• Size and strength of the trend before and after the point of trend reversal that establishes the support or resistance price: When a trend is reversed by a high momentum move, or by one that travels relatively far, that fact indicates that there was very significant breadth and depth of participation (many traders, many shares/contracts traded) that propelled price in a new direction. When a trend is preceded by a high momentum move, or by one that travels relatively far, that fact indicates that the buying or selling pressure that propelled the move finally exhausted itself—and so the move should be over and done with for a significant amount of time. Either one by itself, but especially both together, inspire very high confidence in that support or resistance price as one that should, with high probability, repel any future attempt to break past it. That means that many traders, and traders with very substantial assets with which to trade, will place entry and exit stops at or near such support or resistance prices. There will be great surprise and panic if such support and resistance prices fail to hold.

Be judicious in choosing which support and resistance prices to use when placing breakout trades. Avoid the weaker ones. Use profit targets whose distance from the point of entry is commensurate with the scale of the panic that should reasonably be expected to ensue if the support or resistance fails.

Professional traders generally “fade” the first attempt to break past resistance or support, but usually follow the move on subsequent attempts. Each attempt to break past resistance or support uses up the finite amount of support or resistance at the price, so each attempt is more likely to succeed. The supply of support and resistance is comprised of the professional traders who are fading the move, those who have profitable positions they want to exit at a profit, and those who have losing positions they want to exit as near to break-even as they can.

Breakout trades should work immediately, result in strong moves in the direction of the trade, and not exhibit any significant retracement initially. If price moves back to the other side of the breakout price for any significant period of time, or by any significant extent, exit the trade with as small a loss as possible. Breakout trades sometimes don’t work, and when they don’t, they signal their failure quickly and unambiguously, Listen to the market. It’s always right.

Believe what you see, and take appropriate action.

How to make money trading the news

Posted in education, trading strategy on 2011-03-05 by Strategesis

Courtney Smith, a trader and private money manager, created this video on how to trade on news. He shows an example of a specific move in the markets after a news event and shows how to get a good entry and a profitable exit.


TTW (“Trades That Work”): Puretick’s (Alex Wasilewski’s) Trading Strategies

Posted in advisory service, education, trading strategy, trading system on 2011-01-17 by Strategesis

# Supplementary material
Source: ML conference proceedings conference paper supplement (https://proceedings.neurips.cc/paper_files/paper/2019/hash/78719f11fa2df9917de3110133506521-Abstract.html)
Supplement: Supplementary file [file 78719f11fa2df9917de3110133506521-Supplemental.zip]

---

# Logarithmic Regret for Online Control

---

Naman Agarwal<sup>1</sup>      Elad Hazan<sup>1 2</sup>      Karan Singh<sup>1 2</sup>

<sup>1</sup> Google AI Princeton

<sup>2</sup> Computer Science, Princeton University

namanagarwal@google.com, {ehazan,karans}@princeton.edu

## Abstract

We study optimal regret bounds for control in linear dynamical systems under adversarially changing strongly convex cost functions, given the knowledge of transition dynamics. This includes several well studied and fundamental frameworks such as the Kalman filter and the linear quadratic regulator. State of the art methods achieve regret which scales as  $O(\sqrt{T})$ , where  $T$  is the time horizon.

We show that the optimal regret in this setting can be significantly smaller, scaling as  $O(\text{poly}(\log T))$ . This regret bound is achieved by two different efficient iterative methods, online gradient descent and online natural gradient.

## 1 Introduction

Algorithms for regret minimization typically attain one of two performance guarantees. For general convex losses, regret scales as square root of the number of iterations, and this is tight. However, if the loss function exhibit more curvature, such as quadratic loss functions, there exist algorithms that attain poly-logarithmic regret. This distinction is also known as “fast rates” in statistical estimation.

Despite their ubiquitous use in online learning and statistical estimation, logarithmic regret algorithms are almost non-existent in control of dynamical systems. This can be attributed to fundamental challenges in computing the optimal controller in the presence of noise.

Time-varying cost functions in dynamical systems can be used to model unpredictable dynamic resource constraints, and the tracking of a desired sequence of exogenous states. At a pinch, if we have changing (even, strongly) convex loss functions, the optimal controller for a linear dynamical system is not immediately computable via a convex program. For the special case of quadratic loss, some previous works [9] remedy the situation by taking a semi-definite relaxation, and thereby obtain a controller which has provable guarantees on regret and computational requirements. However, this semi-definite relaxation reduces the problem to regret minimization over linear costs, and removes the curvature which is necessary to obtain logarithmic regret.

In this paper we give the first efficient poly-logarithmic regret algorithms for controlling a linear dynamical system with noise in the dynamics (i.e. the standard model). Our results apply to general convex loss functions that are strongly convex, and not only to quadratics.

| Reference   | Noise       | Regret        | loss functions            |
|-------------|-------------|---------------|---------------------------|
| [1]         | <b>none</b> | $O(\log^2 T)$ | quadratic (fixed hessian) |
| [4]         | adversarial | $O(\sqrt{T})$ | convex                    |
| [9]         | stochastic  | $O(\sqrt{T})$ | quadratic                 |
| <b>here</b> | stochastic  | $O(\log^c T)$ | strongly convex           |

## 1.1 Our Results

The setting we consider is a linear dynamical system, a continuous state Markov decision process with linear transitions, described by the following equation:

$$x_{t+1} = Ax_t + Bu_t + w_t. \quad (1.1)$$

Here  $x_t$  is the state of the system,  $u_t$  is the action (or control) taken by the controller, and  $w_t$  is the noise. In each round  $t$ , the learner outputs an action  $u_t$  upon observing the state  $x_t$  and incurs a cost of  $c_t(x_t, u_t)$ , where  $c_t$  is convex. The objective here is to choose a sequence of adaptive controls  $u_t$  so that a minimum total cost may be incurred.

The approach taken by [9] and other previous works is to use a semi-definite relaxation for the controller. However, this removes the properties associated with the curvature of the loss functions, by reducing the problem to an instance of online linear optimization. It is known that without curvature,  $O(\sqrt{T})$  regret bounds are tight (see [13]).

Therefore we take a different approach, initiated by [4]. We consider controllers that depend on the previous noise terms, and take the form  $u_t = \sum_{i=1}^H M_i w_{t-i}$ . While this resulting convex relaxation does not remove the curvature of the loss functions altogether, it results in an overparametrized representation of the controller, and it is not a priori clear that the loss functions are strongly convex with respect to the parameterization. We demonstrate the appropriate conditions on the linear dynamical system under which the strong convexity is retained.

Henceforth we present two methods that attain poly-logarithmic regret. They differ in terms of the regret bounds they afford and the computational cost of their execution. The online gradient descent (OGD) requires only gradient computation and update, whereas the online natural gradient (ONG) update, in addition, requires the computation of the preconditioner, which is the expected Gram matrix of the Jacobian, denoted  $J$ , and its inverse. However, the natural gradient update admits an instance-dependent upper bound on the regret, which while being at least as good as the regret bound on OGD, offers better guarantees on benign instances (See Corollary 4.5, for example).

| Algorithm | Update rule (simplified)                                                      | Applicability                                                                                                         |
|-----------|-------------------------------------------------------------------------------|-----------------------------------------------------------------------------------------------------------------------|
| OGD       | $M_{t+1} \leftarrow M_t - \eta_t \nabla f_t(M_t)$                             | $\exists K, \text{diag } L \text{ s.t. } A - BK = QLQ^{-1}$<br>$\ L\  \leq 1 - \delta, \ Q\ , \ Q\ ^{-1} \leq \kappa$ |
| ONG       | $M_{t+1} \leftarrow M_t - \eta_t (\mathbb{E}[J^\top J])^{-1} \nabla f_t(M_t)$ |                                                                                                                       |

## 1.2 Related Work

From Puretick:

One of our goals at Pure Tick is to get you trading like a pro on your own! In addition to providing trading alert signals, much of your time in the service will be spent soaking up knowledge on the markets. We teach standard concepts such as support and resistance, candle formations, bounce points, market internal indications and various other profitable setups used by Alex…

In reality that is the only hope for the newbie to graduate to the ranks of the professional. I am sure most new traders have read a number of trading books where the author proposes or in many cases rehashes a “holy grail” trading setup. Many times they simply plagiarize and rename the method.

When the new trader finishes the book and starts trading the next morning, the results are worse than expected. Sadly for the new trader, many of these methods—Trend Following or Counter Trend–are not that bad. Many do have a positive expected outcome over time. We have found that most methods average about a 55% success rate if every signal is taken. What many new traders don’t realize is that a method with a 55% success rate can easily have 5 losing trades in a row. Very few new traders multiply the average stop loss of that particular “holy grail” method times 5 to even get an idea of what that method might lose right out of the gate.

The prime trading methodology we use at TTW, and what we aggressively suggest for the new trader is to trade with the main trend of the day, and yet to avoid chasing the move once the trend has been determined. By definition this means we buy when a new momentum high has been established but we wait for a pullback. The opposite applies to short trades.

Right away a reader might say, “Yes, lots of trading gurus do that. What makes you guys different?”


Position Sizing (a.k.a. Money Management)

Posted in position sizing on 2010-12-31 by Strategesis

From Trader Mike:

Position sizing could very well be the most important aspect of a trading system, yet, like expectancy, it’s rarely covered in trading books. A position sizing model simply tells you ‘how much’ or ‘how big’ of a position to take. Position sizing can be the key factor in whether or not you stay in the game or whether your gains are huge or minimal.